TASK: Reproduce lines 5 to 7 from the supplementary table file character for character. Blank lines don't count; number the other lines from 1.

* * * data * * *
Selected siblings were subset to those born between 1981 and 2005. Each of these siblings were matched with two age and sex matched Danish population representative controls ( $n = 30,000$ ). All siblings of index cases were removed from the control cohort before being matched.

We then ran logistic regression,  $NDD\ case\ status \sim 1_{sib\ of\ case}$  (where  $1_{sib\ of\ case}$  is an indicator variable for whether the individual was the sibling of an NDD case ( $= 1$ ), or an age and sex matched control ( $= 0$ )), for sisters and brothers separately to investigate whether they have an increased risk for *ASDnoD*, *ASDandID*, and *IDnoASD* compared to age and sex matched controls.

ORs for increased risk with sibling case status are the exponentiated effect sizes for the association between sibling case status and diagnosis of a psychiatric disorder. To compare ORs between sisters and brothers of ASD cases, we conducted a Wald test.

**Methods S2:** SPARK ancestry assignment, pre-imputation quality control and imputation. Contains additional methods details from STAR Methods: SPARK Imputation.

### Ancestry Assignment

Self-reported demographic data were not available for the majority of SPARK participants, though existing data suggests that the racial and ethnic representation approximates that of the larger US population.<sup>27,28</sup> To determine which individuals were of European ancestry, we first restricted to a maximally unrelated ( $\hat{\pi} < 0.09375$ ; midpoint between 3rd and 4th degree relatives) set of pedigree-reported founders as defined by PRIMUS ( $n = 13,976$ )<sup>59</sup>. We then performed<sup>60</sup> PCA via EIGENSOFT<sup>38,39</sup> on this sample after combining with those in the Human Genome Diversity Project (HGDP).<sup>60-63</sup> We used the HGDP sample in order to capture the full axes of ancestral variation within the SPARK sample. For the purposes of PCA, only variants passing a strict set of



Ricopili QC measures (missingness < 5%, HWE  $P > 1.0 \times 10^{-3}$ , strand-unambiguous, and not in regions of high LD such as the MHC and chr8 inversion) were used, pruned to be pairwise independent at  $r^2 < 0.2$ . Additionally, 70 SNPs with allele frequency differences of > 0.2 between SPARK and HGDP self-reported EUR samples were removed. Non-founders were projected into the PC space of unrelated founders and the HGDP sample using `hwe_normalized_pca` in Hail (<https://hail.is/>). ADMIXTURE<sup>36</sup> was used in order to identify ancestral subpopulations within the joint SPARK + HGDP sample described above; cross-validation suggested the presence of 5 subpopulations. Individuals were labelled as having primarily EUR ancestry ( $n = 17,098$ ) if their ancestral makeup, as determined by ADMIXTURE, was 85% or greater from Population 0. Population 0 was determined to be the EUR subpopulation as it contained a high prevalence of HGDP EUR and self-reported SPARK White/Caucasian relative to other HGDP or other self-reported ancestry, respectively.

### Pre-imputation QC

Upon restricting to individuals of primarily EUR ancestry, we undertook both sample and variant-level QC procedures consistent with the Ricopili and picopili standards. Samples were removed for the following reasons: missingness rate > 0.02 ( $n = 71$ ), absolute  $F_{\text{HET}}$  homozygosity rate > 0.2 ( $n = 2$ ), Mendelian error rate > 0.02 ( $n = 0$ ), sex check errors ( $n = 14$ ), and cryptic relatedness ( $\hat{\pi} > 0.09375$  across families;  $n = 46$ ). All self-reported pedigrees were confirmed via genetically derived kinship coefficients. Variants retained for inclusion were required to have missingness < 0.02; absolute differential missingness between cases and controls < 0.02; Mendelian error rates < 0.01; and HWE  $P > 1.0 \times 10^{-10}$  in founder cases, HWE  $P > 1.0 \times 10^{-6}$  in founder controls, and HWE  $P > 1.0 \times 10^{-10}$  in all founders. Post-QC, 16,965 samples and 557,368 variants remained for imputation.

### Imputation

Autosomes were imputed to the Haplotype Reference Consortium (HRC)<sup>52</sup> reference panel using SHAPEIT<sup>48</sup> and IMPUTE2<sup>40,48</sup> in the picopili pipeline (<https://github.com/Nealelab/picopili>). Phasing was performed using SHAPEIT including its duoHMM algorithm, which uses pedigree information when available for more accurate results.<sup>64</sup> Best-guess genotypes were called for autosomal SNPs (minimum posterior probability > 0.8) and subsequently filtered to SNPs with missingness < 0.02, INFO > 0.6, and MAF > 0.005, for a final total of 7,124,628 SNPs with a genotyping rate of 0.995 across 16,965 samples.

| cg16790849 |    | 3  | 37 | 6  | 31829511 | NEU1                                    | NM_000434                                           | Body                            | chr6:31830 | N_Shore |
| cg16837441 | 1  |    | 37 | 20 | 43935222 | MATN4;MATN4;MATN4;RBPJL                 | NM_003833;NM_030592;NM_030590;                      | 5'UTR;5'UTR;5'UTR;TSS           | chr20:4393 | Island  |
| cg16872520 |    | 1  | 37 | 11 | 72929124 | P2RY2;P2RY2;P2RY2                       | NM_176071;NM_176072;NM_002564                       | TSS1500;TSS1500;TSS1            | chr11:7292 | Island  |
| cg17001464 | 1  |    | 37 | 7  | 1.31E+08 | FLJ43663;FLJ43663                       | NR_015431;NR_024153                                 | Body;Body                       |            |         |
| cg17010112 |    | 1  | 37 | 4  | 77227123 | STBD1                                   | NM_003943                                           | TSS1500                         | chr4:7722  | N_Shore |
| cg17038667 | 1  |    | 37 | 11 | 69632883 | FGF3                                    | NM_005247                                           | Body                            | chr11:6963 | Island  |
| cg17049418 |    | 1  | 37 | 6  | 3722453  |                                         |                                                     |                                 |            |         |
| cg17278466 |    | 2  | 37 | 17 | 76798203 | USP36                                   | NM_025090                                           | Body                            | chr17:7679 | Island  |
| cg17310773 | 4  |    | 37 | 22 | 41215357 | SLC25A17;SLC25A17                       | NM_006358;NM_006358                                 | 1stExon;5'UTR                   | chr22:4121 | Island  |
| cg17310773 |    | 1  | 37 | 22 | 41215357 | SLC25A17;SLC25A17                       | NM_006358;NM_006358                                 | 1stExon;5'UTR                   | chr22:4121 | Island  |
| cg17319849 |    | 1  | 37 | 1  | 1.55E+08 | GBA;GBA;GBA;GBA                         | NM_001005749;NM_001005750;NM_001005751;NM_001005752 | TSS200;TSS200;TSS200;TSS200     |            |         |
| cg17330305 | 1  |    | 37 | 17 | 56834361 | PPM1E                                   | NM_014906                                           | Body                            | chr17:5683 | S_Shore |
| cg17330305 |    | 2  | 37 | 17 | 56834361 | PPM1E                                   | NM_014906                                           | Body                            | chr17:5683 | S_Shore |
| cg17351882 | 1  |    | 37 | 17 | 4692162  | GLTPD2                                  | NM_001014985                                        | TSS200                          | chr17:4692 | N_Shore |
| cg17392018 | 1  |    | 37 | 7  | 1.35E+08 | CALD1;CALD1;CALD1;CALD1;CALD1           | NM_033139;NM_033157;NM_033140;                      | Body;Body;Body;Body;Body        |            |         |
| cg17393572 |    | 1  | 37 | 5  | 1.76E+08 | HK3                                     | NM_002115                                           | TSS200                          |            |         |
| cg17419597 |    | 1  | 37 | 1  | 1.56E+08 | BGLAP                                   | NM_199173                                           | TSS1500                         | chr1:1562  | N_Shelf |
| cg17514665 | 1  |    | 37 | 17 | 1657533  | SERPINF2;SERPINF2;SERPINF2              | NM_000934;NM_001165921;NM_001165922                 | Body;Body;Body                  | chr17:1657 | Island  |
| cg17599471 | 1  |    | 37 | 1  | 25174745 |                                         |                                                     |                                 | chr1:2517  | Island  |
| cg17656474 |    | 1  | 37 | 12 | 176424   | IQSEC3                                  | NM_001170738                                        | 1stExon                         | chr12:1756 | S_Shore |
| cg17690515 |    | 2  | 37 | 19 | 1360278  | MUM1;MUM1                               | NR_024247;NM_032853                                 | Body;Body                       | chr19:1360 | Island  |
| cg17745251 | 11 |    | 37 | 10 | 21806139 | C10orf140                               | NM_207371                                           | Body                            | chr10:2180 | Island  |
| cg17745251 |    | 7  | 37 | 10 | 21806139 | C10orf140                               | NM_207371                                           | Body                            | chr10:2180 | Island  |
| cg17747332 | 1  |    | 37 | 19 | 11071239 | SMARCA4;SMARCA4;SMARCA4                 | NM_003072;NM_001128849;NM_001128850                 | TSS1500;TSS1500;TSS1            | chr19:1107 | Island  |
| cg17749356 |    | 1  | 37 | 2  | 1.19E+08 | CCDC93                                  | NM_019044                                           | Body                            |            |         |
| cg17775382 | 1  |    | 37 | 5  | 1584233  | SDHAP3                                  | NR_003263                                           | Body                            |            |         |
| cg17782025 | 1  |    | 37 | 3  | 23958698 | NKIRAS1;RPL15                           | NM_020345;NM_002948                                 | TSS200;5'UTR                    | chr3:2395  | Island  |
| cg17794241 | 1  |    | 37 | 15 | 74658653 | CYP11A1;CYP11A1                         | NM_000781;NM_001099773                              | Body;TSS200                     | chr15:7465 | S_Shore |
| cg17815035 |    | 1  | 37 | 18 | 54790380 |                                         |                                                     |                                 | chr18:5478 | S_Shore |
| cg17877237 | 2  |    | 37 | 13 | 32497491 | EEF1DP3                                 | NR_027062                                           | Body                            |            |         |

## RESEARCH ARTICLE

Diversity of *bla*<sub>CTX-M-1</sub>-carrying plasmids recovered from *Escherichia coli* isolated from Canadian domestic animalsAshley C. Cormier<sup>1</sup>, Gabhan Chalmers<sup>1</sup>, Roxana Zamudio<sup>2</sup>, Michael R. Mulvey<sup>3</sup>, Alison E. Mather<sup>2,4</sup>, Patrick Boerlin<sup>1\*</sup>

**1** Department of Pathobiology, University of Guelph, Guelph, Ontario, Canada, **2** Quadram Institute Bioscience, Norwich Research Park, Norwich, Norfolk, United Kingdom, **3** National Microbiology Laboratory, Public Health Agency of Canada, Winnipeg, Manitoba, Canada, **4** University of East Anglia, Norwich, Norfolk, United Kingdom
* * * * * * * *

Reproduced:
### Ancestry Assignment

Self-reported demographic data were not available for the majority of SPARK participants, though existing data suggests that the racial and ethnic representation approximates that of the larger US population.<sup>27,28</sup> To determine which individuals were of European ancestry, we first restricted to a maximally unrelated ( $\hat{\pi} < 0.09375$ ; midpoint between 3rd and 4th degree relatives) set of pedigree-reported founders as defined by PRIMUS ( $n = 13,976$ )<sup>59</sup>. We then performed<sup>60</sup> PCA via EIGENSOFT<sup>38,39</sup> on this sample after combining with those in the Human Genome Diversity Project (HGDP).<sup>60-63</sup> We used the HGDP sample in order to capture the full axes of ancestral variation within the SPARK sample. For the purposes of PCA, only variants passing a strict set of



Ricopili QC measures (missingness < 5%, HWE  $P > 1.0 \times 10^{-3}$ , strand-unambiguous, and not in regions of high LD such as the MHC and chr8 inversion) were used, pruned to be pairwise independent at  $r^2 < 0.2$ . Additionally, 70 SNPs with allele frequency differences of > 0.2 between SPARK and HGDP self-reported EUR samples were removed. Non-founders were projected into the PC space of unrelated founders and the HGDP sample using `hwe_normalized_pca` in Hail (<https://hail.is/>). ADMIXTURE<sup>36</sup> was used in order to identify ancestral subpopulations within the joint SPARK + HGDP sample described above; cross-validation suggested the presence of 5 subpopulations. Individuals were labelled as having primarily EUR ancestry ( $n = 17,098$ ) if their ancestral makeup, as determined by ADMIXTURE, was 85% or greater from Population 0. Population 0 was determined to be the EUR subpopulation as it contained a high prevalence of HGDP EUR and self-reported SPARK White/Caucasian relative to other HGDP or other self-reported ancestry, respectively.